Infinity Engine (Transformation #3) (Polity) ★★★★☆

infinity (Custom)

This review is written with a GPL 4.0 license and the rights contained therein shall supersede all TOS by any and all websites in regards to copying and sharing without proper authorization and permissions. Crossposted at WordPress, Blogspot & Librarything by Bookstooge’s Exalted Permission

 
Title:      The Infinity Engine
Series:   Polity: Transformation #3
Author:  Neal Asher
Rating:   4 of 5 Stars
Genre:    SF
Pages:    575
Format:  Digital Edition

 

Synopsis:

The End Game is in sight. Penny Royal, that black AI that nobody can seem to predict, control or even understand, continues to move the players like chess pieces.

Prador and Humanity move together as the Atheter makes it clear that it won’t be kept on Masada. The Brockle is convinced that it is destined to take Penny Royal’s place. There are a lot of players, a lot of threads and Penny Royal weaves them altogether with a Black Hole.

And pretty much becomes a god and watches the end of the universe and it’s beginning and it tries to figure out how to stop the loop.

 

My Thoughts:

I thought this was the best of the trilogy. With various threads coming together, it is easier to understand what is actually going on. And the ending is the wry humor I expect from Asher.

The one thing I didn’t care for was Asher’s continued needling of religion. In several cases anyone who is religious is compared to a mentally ill person who obviously can’t think straight. I’ve also realized that Asher always makes any Separatists idiotic douchebags just to show how awesome it is to always bow to a greater central authority. I spit on that. He continually makes his point [with battle axe bluntness sometimes] about how powerful the Polity AI’s are and how much the humans really NEED them to run things. But this whole trilogy was about how poorly the AI’s DO handle things. They are not omniscient, all powerful beings. They’re just as flawed as their creators and even “self” improvement leads to problems half the time. So Asher pretty much argues against the case he makes in the first place. So phrack Central Authority. It’s called Responsibility.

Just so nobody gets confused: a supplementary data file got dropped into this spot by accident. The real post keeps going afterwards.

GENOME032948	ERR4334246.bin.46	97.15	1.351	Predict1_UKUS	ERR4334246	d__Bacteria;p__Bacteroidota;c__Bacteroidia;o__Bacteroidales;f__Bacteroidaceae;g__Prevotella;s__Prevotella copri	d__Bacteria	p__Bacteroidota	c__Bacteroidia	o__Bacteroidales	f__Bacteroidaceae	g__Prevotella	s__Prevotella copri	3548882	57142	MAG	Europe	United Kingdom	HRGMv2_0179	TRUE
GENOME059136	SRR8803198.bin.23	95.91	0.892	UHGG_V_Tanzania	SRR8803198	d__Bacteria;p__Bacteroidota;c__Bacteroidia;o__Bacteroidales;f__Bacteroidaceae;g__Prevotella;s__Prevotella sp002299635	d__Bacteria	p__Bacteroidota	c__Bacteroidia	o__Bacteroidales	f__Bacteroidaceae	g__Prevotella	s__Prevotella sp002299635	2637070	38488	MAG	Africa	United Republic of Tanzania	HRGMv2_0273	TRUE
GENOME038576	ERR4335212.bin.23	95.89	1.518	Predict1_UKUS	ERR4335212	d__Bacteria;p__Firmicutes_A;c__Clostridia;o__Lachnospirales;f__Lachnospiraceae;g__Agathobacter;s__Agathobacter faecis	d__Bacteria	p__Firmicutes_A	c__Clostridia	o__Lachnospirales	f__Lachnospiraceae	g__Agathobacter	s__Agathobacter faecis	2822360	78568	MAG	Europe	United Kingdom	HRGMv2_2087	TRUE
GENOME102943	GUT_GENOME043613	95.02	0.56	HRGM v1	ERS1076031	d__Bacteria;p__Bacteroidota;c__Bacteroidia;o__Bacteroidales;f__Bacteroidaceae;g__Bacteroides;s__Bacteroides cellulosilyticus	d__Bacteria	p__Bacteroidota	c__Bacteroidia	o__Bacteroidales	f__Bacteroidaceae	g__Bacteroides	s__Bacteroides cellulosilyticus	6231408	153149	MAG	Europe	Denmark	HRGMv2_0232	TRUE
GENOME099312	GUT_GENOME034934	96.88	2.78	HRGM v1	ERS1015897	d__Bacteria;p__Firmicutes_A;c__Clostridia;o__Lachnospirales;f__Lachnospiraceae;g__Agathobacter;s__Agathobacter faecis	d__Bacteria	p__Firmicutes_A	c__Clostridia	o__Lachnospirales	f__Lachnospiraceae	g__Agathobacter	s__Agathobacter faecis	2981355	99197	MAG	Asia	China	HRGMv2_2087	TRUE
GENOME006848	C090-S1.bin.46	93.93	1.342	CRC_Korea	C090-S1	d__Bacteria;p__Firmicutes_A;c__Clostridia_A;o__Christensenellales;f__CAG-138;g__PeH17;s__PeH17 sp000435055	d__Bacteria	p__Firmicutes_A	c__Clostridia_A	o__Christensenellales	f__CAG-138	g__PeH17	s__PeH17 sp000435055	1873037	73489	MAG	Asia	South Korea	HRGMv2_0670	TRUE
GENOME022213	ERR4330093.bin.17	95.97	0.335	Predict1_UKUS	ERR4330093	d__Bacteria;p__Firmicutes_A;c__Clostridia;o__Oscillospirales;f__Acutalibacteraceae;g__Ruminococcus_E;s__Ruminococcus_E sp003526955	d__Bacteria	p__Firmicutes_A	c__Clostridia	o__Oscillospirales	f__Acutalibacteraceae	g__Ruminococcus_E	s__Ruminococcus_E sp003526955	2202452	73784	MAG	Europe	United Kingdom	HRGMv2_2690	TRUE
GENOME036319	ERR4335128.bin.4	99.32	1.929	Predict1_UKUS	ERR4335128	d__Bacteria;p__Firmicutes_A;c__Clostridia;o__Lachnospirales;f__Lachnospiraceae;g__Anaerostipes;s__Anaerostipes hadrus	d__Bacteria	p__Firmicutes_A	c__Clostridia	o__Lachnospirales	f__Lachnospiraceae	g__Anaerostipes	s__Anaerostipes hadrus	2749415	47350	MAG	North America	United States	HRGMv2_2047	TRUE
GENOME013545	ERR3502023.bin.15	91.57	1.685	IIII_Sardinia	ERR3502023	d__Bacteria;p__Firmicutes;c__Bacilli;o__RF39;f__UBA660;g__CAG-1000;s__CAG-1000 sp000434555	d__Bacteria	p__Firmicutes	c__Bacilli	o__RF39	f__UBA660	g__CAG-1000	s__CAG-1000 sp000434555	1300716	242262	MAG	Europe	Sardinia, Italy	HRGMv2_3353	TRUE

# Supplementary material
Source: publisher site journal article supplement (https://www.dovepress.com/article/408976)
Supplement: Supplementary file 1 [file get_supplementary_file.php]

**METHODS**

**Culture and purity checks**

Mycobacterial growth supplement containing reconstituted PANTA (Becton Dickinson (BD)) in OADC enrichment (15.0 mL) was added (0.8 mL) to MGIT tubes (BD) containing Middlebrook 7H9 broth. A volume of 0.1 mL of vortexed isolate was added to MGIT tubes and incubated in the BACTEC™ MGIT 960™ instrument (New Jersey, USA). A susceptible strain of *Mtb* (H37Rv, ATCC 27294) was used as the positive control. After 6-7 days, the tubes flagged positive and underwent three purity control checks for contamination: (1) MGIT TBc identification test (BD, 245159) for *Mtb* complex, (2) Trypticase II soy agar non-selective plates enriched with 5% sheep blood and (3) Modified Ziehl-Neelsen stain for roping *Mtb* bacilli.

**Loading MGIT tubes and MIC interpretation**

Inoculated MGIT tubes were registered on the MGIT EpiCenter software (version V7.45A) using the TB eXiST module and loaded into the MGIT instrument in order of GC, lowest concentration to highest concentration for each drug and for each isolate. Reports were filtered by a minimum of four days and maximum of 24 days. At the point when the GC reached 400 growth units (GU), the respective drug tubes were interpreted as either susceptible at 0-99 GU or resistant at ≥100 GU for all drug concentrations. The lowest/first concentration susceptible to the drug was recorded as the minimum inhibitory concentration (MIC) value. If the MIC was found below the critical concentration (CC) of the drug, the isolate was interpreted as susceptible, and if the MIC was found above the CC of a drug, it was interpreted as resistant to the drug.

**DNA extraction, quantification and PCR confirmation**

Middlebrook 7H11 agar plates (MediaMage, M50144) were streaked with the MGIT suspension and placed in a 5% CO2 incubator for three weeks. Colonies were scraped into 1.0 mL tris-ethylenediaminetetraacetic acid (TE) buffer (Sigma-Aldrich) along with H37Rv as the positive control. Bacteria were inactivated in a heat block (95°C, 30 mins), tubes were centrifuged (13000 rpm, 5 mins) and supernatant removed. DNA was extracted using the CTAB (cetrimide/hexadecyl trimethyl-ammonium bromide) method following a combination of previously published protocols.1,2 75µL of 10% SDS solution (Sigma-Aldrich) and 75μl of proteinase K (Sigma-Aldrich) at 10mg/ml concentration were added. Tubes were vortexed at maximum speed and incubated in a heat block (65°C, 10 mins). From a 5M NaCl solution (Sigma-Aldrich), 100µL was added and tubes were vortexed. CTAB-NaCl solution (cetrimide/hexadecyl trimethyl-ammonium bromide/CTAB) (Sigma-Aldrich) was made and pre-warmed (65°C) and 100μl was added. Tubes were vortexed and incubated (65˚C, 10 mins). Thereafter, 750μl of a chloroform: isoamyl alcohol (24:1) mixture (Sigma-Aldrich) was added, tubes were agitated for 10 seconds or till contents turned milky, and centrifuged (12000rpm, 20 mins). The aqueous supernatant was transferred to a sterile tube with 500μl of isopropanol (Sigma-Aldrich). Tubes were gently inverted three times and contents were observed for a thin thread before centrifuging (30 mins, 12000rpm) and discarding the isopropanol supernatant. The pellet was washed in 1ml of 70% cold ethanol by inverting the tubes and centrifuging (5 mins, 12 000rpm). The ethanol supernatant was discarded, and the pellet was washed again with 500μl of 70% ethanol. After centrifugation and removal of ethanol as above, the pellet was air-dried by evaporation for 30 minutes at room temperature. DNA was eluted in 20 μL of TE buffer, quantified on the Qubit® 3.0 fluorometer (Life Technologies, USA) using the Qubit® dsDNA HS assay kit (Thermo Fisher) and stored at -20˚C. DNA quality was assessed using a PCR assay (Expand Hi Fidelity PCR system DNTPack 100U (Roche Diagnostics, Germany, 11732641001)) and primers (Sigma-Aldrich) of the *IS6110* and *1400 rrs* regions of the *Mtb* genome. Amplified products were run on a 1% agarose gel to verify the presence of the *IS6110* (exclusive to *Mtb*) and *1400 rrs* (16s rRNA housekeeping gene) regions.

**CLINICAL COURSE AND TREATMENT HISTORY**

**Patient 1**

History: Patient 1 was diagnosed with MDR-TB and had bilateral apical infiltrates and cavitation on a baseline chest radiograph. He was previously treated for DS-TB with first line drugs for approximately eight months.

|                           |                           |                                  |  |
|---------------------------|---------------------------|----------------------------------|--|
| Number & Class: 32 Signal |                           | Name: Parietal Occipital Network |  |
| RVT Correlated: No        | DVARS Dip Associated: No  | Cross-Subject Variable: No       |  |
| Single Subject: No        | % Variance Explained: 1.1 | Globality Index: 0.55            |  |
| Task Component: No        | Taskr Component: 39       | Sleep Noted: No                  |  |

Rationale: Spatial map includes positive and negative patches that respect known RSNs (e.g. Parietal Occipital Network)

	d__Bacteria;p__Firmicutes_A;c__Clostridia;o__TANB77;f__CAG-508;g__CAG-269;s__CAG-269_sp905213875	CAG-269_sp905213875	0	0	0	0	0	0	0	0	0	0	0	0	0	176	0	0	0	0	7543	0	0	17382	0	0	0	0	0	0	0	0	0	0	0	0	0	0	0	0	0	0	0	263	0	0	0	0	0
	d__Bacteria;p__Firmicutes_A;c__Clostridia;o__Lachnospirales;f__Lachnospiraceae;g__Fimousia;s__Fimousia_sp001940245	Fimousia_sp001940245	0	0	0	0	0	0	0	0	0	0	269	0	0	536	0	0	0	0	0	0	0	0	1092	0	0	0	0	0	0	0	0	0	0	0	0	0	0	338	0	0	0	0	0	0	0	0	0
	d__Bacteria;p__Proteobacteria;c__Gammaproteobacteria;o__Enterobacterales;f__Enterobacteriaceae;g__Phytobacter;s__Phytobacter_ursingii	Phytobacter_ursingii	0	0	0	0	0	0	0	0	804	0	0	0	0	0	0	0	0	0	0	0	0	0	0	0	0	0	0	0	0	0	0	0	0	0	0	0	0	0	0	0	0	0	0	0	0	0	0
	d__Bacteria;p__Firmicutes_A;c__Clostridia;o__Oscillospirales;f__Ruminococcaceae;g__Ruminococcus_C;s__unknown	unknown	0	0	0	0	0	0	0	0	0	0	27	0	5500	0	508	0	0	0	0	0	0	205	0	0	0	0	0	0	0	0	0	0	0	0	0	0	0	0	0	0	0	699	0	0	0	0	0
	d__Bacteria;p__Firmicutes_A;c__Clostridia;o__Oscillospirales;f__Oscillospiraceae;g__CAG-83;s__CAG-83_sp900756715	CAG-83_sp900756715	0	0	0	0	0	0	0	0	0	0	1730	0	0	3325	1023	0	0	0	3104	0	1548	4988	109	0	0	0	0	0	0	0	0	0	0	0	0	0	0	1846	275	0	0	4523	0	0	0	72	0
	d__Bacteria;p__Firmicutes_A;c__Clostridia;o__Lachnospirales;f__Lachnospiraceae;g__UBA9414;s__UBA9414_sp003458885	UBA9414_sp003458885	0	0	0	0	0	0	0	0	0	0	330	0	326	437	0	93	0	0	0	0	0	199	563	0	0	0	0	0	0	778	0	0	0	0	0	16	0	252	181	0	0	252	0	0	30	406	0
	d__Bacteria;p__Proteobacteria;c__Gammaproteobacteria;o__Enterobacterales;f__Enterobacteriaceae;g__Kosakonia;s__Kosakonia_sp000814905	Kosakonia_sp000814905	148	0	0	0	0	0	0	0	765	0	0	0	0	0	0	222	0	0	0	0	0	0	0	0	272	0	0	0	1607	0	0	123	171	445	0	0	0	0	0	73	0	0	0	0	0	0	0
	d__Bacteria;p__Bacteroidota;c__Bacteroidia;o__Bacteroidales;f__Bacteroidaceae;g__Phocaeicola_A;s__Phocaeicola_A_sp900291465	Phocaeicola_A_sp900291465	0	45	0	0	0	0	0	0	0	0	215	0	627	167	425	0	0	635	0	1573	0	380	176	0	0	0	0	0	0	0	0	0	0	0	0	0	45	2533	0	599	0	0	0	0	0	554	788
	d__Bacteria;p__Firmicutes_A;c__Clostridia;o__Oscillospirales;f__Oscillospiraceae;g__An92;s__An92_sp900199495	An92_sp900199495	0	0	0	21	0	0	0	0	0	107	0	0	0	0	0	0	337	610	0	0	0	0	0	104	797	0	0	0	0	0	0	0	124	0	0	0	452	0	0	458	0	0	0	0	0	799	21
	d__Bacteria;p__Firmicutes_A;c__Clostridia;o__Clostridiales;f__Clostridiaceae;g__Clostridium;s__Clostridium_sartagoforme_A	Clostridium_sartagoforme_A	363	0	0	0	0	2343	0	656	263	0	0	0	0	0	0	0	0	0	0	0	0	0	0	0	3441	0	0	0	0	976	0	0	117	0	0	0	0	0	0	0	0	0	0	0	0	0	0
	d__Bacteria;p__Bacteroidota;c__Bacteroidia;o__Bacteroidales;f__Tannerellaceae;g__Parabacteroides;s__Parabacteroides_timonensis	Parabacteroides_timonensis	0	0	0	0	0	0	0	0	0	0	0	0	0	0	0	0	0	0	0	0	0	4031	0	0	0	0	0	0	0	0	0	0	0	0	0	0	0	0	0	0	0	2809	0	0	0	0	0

The character that I liked the most this time around was Sverl, the prador turned AI with a golem body. How weird is that? But Sverl does a fantastic job of showing multiple points of view from one character, as he has aspects of Prador, AI and humanity, all rolled into one. I don’t know what it is, but something about him just appealed to me.

I think that for whatever Asher writes next, I am going to wait to read the whole thing instead of reading them as they come out. There was too much going on for me to remember everything from book to book and I know that lessened my overall enjoyment.

★★★★☆

bookstooge

 

  1. Dark Intelligence
  2. War Factory
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War Factory (Transformation #2) (Polity) 4….

War Factory - Neal AsherThis review is written with a GPL 3.0 license and the rights contained therein shall supersede all TOS by any and all websites in regards to copying and sharing without proper authorization and permissions. Crossposted at Bookstooge.booklikes.blogspot. wordpress.leafmarks.com & Bookstooge’s Reviews on the Road Facebook Group by Bookstooge’s Exalted Permission.

 

 

 

 

Title: War Factory

Series: Transformation

Author: Neal Asher

Rating: 4 of 5 Stars

Genre: SFF

Pages: 472

Format: Kindle Digital Edition

 

Synopsis:

Penny Royal is now taking a more active approach. His next goal is the War Factory where he was created. Room 101. However, in getting there, he drags along a host of his past mistakes which he appears to be trying to fix.